The main objective of the project is developing a basic understanding of the underlying mechanisms responsible for the changes in wood properties of pine grown under different competitive environments. Also to model and understand the economic and production consequences of different saw log management regimes. The following actions are planned for 2017:
For 2017, the PhD study of Justin Erasmus will involve (1) the modelling of stiffness (MOE) of Pinus patula lumber, and (2) modelling cambial cell development of Pinus patula with a focus on identifying the drivers of variation in MFA and also density. Both these models will rely heavily on data obtained from Silviscan measurements done at the University of Melbourne, Australia. We will attempt to develop a better understanding of how a tree’s mechanical requirements influence cell development. Experimental material was/will be obtained from a spacing trial from Mpumalanga and greenhouse trials of P. patula, P. elliottii X caribaea, and P. patula x tecunumanii. The MSc study of Francis Zhangazha will analyse the effect of an altered thinning and pruning regime on some wood properties of Pinus patula using sample material from the KZN area. An MSc project by Ryan Charlton will use growth and manufacturing process modelling of Pinus patula to develop an economic model which can be used to assess different forest management options for Pinus patula. The full value chain from plant to final product will be included in the model. A sensitivity analyses will also be completed to identify the areas in the value chain with the best potential for increases in financial returns. MSc student Vhuvhavho Tshavungwe will analyse the effect of MOE variability of lumber on sawmill production planning and product properties.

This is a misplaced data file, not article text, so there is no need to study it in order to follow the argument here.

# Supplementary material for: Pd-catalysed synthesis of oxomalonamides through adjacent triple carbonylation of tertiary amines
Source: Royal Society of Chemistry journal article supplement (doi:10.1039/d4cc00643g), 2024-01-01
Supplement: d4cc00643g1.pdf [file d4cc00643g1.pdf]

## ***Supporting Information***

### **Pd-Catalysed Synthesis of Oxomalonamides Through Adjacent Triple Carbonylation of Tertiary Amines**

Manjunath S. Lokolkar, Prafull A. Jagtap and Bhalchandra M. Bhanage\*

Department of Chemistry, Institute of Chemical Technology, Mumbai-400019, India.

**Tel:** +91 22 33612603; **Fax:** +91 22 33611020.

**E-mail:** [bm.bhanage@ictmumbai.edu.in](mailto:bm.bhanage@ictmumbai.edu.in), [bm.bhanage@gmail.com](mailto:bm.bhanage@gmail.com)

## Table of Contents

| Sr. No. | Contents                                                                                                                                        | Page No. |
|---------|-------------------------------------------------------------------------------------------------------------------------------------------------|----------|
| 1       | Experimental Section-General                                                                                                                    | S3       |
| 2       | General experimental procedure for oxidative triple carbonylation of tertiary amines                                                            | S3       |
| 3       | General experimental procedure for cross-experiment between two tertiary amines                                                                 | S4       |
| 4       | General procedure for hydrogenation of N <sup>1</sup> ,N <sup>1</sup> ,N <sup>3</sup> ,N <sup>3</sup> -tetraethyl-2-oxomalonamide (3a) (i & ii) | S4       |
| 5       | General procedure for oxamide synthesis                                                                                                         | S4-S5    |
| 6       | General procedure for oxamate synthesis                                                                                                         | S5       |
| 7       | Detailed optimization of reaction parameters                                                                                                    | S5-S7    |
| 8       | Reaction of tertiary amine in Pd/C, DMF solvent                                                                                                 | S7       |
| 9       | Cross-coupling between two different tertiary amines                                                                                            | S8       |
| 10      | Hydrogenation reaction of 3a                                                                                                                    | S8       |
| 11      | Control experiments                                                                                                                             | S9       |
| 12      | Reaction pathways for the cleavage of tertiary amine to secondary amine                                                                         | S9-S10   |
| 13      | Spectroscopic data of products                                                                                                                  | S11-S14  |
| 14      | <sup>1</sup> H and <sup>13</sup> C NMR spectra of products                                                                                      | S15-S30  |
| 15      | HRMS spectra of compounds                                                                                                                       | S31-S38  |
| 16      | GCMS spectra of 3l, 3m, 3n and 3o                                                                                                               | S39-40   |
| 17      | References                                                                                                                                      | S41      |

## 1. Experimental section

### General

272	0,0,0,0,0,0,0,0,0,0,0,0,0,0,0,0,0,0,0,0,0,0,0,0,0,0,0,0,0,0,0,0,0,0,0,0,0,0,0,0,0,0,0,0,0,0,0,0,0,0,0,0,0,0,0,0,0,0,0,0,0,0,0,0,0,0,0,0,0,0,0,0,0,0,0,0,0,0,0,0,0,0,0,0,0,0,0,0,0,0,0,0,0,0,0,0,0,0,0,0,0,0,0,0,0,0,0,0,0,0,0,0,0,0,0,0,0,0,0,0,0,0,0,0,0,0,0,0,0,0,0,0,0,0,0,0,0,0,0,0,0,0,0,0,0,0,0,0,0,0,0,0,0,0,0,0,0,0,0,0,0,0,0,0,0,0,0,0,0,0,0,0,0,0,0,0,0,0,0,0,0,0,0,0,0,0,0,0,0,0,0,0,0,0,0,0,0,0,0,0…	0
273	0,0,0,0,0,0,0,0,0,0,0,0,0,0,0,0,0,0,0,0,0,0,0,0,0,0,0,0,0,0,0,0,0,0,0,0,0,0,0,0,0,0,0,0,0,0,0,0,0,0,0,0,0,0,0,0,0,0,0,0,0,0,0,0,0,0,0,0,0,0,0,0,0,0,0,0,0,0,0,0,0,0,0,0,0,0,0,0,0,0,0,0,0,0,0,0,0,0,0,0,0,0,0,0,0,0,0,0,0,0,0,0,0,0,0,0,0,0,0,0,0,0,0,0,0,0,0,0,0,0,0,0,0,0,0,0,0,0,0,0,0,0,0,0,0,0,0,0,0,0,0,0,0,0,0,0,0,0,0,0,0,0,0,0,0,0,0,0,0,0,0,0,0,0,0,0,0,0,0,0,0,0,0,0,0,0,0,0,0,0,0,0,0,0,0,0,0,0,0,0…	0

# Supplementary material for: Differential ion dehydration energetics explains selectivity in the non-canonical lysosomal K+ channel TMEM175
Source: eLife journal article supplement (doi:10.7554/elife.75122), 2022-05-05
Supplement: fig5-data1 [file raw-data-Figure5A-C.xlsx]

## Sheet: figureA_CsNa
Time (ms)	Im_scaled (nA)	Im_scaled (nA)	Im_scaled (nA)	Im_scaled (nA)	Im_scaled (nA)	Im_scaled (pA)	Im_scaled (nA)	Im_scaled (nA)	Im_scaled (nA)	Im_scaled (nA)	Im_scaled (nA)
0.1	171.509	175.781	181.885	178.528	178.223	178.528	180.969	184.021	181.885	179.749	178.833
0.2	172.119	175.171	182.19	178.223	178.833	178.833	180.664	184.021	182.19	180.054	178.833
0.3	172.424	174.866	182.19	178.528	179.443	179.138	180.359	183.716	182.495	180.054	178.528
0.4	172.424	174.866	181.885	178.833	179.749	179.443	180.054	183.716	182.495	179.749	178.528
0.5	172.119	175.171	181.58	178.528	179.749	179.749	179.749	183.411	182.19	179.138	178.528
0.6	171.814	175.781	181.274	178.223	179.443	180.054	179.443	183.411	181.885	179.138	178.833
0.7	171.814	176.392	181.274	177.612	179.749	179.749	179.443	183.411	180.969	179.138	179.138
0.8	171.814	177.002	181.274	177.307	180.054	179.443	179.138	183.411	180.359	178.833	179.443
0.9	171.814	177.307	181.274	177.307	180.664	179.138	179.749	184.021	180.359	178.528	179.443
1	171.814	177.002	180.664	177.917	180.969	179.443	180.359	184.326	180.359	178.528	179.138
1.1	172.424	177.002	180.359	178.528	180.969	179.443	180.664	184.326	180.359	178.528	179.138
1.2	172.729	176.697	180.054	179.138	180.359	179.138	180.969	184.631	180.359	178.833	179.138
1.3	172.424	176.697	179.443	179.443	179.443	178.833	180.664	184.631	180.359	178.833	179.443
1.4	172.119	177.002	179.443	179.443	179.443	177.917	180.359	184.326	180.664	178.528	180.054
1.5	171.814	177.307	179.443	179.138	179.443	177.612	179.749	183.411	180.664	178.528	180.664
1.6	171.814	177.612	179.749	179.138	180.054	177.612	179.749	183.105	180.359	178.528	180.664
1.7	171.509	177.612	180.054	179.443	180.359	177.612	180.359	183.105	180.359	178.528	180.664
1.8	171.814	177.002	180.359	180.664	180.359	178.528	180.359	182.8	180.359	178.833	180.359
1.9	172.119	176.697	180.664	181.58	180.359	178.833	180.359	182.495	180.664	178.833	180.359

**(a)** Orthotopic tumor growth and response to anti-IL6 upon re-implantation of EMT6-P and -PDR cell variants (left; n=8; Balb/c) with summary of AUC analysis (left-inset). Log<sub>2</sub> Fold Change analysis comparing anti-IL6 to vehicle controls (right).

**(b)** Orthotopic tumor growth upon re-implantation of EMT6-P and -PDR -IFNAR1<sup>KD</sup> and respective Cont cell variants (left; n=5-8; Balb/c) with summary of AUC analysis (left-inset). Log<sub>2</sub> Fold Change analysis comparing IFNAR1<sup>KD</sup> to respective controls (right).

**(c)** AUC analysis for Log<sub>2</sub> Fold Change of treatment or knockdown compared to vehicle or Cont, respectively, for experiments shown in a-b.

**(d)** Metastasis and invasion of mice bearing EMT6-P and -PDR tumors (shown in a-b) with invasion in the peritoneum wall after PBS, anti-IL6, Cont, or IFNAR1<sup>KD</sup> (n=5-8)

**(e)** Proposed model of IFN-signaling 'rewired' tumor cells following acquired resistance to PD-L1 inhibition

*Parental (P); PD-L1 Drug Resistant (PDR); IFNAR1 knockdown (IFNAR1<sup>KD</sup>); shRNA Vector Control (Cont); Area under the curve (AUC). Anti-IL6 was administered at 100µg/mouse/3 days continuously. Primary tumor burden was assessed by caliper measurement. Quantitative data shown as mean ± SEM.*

Expected outputs for 2017
MSc degrees for Zhangazha and Charlton. Three peer-reviewed journal papers (all has already been accepted for publication subject to revisions). One conference presentation. One poster at conference.
Project 2: Green building with wood